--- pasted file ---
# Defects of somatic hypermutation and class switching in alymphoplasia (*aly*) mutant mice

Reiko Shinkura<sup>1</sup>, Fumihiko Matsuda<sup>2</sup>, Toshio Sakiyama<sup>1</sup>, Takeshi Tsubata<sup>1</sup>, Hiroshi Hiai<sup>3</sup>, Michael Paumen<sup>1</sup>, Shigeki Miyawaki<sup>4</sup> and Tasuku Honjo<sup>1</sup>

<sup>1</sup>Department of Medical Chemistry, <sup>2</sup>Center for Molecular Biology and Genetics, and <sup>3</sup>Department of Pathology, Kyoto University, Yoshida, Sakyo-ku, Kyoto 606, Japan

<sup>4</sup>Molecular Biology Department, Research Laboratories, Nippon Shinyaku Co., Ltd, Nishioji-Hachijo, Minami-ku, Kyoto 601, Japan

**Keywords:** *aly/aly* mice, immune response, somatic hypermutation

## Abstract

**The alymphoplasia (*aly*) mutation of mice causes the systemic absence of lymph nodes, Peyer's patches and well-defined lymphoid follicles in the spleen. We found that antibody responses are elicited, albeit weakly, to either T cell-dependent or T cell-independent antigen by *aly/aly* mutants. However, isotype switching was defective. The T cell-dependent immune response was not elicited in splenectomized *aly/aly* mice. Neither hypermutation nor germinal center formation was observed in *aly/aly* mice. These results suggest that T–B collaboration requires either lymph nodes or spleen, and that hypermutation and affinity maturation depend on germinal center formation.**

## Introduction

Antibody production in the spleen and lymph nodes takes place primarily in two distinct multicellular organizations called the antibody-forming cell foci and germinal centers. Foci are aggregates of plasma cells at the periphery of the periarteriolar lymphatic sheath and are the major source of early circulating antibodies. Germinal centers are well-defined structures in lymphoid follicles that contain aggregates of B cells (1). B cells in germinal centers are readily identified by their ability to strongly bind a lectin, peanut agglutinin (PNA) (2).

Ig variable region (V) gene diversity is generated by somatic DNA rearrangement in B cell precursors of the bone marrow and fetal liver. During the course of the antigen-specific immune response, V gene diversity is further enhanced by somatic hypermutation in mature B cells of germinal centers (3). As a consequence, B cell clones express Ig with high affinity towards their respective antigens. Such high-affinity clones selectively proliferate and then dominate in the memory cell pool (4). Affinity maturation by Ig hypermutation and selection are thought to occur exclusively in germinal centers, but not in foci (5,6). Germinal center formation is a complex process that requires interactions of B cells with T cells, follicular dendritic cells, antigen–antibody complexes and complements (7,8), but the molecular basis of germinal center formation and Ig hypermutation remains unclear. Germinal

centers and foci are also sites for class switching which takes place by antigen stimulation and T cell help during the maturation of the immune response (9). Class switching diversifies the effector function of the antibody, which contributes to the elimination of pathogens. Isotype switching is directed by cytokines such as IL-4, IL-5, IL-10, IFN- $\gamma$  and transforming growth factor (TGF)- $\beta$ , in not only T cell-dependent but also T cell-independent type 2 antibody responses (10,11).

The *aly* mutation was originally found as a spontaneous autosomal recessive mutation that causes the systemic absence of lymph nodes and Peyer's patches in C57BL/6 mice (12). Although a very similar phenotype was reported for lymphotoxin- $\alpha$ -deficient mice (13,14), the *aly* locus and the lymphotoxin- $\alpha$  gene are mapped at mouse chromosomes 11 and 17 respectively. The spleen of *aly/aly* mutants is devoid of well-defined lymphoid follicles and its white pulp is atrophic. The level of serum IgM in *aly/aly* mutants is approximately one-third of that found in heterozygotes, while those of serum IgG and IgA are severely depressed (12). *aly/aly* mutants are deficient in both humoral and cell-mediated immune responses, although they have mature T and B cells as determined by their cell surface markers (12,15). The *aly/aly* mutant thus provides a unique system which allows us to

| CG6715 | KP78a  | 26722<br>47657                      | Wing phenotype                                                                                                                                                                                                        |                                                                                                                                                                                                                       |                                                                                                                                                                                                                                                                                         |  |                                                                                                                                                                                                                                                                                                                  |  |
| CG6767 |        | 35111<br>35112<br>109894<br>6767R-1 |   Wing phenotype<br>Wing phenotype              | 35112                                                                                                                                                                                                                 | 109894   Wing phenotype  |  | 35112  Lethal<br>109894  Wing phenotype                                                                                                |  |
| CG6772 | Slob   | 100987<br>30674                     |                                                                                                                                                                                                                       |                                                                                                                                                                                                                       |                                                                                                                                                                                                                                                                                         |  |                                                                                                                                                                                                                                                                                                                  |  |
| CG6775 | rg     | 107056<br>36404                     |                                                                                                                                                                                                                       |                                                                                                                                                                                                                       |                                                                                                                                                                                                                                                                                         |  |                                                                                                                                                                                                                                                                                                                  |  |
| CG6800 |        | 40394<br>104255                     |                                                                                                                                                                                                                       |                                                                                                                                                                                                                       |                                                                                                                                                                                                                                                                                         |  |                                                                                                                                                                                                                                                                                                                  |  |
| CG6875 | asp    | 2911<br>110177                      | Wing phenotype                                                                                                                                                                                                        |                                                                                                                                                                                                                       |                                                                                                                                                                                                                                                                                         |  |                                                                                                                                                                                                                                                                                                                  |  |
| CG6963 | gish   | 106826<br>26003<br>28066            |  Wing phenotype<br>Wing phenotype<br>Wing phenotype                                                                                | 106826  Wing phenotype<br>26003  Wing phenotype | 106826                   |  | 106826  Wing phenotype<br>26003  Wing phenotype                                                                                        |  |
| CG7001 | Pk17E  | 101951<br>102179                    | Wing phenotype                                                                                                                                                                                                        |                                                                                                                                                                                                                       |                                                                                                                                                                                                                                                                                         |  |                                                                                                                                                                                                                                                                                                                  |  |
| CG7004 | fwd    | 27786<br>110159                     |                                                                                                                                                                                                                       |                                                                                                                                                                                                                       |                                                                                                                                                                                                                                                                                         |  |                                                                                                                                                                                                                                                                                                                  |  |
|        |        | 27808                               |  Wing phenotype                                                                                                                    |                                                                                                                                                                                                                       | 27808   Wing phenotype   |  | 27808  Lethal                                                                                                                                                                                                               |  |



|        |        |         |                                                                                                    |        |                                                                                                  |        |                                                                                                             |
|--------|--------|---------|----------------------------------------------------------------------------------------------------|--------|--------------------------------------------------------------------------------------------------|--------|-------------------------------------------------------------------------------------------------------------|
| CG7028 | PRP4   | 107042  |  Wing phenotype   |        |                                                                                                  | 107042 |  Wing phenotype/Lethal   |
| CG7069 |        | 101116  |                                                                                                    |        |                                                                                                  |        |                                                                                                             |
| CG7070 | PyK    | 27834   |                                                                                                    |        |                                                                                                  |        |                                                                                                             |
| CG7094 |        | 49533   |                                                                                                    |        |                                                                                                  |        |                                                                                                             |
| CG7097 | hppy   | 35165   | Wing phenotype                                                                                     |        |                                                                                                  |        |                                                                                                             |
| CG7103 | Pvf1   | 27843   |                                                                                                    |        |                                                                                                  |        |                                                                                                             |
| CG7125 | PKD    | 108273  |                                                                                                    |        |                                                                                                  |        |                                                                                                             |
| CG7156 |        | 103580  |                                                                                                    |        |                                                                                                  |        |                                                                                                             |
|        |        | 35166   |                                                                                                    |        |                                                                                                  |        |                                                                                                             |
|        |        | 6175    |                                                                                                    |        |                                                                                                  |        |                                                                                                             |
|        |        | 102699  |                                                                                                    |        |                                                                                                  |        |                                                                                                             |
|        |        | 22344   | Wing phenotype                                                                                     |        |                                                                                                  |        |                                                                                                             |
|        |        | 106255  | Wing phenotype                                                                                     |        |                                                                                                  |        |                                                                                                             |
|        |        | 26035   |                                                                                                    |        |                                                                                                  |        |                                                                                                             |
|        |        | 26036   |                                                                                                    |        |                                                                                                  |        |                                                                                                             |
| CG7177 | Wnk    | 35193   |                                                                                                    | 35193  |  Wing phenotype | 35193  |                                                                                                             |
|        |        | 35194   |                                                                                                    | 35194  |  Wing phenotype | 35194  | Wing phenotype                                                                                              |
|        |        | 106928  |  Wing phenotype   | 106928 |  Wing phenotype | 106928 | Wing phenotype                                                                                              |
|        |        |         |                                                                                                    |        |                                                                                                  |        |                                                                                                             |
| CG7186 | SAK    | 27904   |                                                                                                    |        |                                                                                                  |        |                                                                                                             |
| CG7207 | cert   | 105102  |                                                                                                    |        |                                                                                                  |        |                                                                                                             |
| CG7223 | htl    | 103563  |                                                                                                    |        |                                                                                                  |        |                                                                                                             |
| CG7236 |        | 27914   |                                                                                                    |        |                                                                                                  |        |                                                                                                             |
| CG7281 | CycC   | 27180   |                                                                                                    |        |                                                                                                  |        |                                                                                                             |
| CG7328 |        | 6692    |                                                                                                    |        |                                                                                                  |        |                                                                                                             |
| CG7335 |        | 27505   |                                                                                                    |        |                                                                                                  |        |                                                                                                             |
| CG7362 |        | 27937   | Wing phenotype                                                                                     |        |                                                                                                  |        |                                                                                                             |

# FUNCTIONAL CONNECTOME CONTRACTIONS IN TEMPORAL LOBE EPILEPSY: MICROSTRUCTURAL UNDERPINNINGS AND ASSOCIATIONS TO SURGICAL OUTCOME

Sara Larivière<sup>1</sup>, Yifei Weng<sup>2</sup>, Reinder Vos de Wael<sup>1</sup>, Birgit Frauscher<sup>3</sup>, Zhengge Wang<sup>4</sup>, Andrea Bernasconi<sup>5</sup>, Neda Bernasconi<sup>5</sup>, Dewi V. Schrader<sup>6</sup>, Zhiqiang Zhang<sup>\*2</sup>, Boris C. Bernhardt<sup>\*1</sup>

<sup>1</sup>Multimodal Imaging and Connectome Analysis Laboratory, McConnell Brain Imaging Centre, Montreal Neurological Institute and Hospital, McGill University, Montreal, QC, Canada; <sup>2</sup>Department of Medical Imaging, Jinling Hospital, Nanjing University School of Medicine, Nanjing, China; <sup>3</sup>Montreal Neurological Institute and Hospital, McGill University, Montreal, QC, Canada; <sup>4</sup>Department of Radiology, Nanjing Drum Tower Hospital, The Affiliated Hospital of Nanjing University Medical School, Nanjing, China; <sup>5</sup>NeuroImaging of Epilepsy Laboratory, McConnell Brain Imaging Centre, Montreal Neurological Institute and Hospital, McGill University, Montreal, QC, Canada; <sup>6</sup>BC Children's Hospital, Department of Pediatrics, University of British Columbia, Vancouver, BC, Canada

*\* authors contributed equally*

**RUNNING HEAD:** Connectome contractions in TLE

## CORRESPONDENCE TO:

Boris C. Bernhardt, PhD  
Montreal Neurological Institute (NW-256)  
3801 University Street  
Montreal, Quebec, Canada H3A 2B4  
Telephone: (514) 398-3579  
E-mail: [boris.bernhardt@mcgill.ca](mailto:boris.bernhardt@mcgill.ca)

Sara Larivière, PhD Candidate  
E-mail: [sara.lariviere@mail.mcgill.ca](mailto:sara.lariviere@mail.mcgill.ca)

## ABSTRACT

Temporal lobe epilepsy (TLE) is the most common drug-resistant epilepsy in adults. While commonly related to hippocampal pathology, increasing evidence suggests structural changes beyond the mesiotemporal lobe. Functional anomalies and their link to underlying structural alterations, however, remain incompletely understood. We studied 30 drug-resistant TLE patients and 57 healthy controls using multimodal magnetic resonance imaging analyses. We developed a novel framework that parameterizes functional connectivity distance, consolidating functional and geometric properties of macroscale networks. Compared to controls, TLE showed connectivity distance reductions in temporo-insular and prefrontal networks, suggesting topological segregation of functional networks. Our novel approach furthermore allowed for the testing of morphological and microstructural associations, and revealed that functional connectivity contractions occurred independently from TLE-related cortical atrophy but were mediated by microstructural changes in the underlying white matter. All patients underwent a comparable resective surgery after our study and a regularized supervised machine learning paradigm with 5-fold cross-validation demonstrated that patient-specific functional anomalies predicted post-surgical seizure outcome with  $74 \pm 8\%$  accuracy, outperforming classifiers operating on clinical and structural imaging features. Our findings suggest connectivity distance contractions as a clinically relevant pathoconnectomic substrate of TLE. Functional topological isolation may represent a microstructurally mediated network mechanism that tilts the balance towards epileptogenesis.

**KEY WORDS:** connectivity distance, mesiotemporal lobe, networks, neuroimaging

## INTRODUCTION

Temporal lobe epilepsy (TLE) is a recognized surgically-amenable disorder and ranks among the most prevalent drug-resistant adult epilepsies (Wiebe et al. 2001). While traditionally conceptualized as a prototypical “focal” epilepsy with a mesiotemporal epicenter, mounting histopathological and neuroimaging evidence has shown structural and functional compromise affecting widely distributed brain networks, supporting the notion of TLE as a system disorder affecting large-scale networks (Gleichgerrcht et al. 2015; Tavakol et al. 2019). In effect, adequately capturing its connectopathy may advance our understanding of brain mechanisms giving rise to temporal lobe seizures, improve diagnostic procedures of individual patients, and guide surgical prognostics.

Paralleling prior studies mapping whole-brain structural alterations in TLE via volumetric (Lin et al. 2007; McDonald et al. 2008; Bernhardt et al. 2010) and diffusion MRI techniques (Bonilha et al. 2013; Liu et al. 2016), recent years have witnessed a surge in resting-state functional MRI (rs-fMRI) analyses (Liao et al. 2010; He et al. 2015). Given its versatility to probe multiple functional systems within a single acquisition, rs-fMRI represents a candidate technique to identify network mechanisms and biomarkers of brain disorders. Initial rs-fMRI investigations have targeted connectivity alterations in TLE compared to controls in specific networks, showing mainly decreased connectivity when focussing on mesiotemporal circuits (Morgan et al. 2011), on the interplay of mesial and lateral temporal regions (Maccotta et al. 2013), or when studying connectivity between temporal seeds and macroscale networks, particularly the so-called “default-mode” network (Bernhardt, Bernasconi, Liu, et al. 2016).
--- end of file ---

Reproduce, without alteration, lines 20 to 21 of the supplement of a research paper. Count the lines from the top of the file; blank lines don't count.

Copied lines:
| CG7001 | Pk17E  | 101951<br>102179                    | Wing phenotype                                                                                                                                                                                                        |                                                                                                                                                                                                                       |                                                                                                                                                                                                                                                                                         |  |                                                                                                                                                                                                                                                                                                                  |  |
| CG7004 | fwd    | 27786<br>110159                     |                                                                                                                                                                                                                       |                                                                                                                                                                                                                       |                                                                                                                                                                                                                                                                                         |  |                                                                                                                                                                                                                                                                                                                  |  |